Thursday, September 16, 2010

Lebanon Days 3 and 4--abridged


Our Lady of Lebanon
We did indeed return from Lebanon (on a flight overrun with extraordinarily loud children left to fend for themselves while the parents sat rows away....but that's another story)--so I'll quickly give the low down on the rest of our trip.

We had dinner in a beautiful mountain town (Bromana) in the outskirts of Beirut with Lebanese friends.  The food was delicious and there was way way too much.  Some of the new entries were raw chicken livers with some lard and garlic (I didn't test this one, but Manuel said it was great).  An interesting tasting cactus fruit which we later found out makes you constipated and of course, to wash it all down we had some Arak.  Arak tastes much like Pastis and is very refreshing.  The couple we were with, by the way, was the epitome of Lebanese tolerance--he is Druze, she is half-Christian, half-Muslim...very interesting take on things.

The following day we travelled to the Jeita Grotto (in the running to be one of the new 7 natural wonders of the world).  We couldn't take pictures but it's an ancient cave discovered by a priest.  The upper chamber is beautiful with it's stalagmites and stalagtites.  The lower chamber is still in water and requires a short boat ride.  Very cool (quite literally) and a break from the ruins.

phoenician ruins of byblos
We then went to Harissa, home of Our Lady of Lebanon statue and a pilgrimage site for Christians.    From there we moved further north to Byblos.  Byblos seems like the kind of historical, laid-back seaside village I could spend some time in...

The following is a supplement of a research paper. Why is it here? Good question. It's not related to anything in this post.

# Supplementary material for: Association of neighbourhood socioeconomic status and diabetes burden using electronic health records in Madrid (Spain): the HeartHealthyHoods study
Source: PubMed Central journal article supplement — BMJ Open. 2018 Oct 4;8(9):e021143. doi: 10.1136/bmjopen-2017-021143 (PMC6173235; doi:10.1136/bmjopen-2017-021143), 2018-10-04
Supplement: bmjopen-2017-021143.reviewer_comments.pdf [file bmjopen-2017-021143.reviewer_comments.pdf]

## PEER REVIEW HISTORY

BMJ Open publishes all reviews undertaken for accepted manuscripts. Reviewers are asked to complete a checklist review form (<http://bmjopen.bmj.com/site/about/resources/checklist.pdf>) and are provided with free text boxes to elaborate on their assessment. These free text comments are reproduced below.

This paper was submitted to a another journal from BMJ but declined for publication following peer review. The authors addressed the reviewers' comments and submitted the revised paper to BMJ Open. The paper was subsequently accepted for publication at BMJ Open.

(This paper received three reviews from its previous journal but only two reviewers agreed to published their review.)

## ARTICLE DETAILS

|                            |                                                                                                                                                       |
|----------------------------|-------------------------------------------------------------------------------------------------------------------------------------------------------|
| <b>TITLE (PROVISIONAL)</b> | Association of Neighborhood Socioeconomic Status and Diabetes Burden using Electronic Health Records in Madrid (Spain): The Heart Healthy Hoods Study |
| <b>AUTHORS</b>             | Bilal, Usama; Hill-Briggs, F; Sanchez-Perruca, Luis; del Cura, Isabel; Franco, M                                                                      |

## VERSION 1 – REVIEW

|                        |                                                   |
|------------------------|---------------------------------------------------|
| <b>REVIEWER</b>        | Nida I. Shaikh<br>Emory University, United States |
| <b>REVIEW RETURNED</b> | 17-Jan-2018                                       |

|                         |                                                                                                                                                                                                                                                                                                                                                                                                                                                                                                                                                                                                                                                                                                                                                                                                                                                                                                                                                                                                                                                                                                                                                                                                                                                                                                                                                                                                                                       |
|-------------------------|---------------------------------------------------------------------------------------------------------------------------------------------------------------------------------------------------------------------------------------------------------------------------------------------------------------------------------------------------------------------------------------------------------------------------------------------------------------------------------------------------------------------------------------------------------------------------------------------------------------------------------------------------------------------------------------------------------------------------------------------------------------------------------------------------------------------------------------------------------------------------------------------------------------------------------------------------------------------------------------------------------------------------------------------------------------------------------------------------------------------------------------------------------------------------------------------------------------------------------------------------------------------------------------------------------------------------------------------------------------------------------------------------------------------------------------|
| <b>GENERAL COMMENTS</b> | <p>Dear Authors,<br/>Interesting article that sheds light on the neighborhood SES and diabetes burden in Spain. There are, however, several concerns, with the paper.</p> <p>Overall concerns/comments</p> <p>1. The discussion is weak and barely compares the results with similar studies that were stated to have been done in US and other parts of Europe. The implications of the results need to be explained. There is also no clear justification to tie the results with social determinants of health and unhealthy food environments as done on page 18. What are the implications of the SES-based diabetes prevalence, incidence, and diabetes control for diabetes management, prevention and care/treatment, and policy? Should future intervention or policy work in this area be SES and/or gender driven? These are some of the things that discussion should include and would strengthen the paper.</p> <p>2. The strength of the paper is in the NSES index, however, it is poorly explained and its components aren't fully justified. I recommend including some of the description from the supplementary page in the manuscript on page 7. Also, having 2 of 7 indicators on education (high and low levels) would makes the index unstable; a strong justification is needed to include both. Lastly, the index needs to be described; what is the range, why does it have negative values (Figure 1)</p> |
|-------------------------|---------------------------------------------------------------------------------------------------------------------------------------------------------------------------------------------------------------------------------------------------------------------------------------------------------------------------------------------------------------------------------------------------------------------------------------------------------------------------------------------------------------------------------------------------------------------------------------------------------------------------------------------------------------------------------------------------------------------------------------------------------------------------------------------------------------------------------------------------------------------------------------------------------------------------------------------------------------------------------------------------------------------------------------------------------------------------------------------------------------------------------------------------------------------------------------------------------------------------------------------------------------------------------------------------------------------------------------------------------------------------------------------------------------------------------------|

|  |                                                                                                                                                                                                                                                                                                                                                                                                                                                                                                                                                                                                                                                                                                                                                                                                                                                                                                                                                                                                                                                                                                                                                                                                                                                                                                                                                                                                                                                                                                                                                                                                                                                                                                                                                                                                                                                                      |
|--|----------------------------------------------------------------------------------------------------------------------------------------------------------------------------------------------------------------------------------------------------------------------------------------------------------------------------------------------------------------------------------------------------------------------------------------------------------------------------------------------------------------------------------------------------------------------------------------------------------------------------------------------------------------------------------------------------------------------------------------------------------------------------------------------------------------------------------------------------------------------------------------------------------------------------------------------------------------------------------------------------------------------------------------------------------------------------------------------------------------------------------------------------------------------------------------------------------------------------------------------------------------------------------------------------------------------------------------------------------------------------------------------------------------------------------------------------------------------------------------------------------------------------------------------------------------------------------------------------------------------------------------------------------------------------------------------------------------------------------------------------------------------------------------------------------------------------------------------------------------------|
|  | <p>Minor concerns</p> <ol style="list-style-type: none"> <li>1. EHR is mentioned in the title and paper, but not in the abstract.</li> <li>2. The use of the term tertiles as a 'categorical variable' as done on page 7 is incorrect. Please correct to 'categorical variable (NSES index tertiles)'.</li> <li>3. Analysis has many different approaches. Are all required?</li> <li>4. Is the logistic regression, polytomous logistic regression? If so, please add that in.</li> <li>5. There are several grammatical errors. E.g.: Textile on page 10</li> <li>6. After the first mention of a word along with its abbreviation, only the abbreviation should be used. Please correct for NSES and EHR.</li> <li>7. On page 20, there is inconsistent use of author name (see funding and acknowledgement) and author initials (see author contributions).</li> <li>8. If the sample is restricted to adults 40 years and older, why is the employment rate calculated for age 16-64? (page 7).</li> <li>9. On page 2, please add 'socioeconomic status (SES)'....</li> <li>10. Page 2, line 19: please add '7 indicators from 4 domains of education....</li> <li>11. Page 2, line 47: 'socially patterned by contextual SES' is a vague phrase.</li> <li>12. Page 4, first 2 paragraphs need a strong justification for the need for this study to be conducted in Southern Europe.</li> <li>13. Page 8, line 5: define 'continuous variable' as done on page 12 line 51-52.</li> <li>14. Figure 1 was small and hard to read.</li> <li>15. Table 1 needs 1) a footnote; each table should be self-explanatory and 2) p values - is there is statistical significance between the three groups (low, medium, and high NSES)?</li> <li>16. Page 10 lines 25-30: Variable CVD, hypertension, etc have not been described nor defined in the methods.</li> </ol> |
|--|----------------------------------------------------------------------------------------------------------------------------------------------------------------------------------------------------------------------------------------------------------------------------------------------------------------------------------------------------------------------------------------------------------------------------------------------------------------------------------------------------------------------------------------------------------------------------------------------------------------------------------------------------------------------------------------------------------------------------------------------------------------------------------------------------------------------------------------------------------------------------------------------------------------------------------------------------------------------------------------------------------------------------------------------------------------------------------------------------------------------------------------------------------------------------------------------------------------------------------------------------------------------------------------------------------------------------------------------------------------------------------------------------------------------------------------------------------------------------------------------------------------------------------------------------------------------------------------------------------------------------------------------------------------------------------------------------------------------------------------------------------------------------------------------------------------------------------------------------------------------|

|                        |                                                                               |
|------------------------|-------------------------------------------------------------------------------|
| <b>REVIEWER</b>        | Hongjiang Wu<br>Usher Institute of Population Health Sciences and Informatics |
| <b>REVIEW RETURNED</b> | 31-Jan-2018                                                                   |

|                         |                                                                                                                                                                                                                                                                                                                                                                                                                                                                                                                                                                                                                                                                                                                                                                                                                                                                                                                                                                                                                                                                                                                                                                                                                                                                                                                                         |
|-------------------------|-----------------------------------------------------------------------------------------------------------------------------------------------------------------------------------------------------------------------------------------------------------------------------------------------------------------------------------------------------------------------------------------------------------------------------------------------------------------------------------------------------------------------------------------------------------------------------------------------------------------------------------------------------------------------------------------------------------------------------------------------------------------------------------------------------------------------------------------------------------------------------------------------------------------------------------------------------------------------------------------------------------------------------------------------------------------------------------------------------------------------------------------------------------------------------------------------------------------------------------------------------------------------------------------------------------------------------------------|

That night we explored a little bit of downtown Beirut and had dinner at La Plage.  The traffic in Beirut is pretty impressive.  One of the things that cracked us up is seeing the valet parker at KFC.  I guess parking is so difficult that no one will go to Kentucky Fried Chicken if they don't have a valet parker. ...  I hear all my American friends scratching their heads and saying, "hello, what about a drive-thru".  Ironically we didn't see any of those.

Place de l'Etoile, Beirut
All the Lebanese from the stranger that walked us a few blocks to a bookstore we couldn't find, to my Arabic teacher who spent some of her precious weekend with family showing us the downtown area were charming, friendly and welcoming.

Saturday, September 11, 2010

Lebanon, Day Two

Anjar ruins

Today was a full-blown touring day.  Early this morning we headed over Mount Lebanon and into the Bekkah Valley where we spent most of the day.  The valley between the Mount Lebanon range of mountains and the Anti-Lebanon range is the bread basket of the country and extremely fertile.  Lebanon may not have oil, but it does have water (and ideas!,  the Lebanese are quick to tell you) and they can feed themselves.

  We visited the Anjar ruins first (the lesser ruins if you will.  Anjar is a very pretty town that was settled by Armenians after they were persecuted and thrown out by the Turks.  
The ruins are cool in and of themselves, they are dwarfed by the fame of the Baalbek ruins.


Baalbek was originally a sacred place for the phoenecians dedicated to the god Baal.  It was later a worship site for Christians and later still a fortress.  Baalbek sits currently square in the ultra-conservative Hezbollah region.  The Hezbollah flags (a kalashnikov on a yellow background...charming :) are everywhere as are posters with pictures of their political leader Hassan Nasrallah.  Signs that Iran's money is finding it's way into this part of the Bekkah valley are evident in the new mosques (in particular a beautiful blue mosque just next to the ruins).  The area is heavily pro Iran as they are mostly Shia' .

After a long visit of Baalbek we headed to the beautiful town of Zahle and it's riverfront, tree-shaded restaurants.  Here one of the incongruities of the Middle East hit us when a Saudi man walked in with four young women completely covered in black (unlike the UAE, they did stand out from the crowd).  They sat at the next table and ordered mezze and then proceeded to order nargileh (shisha, waterpipe).  It just seems odd to see these young women smoking shisha in full abaya with their dad/husband/brother (who really knows??)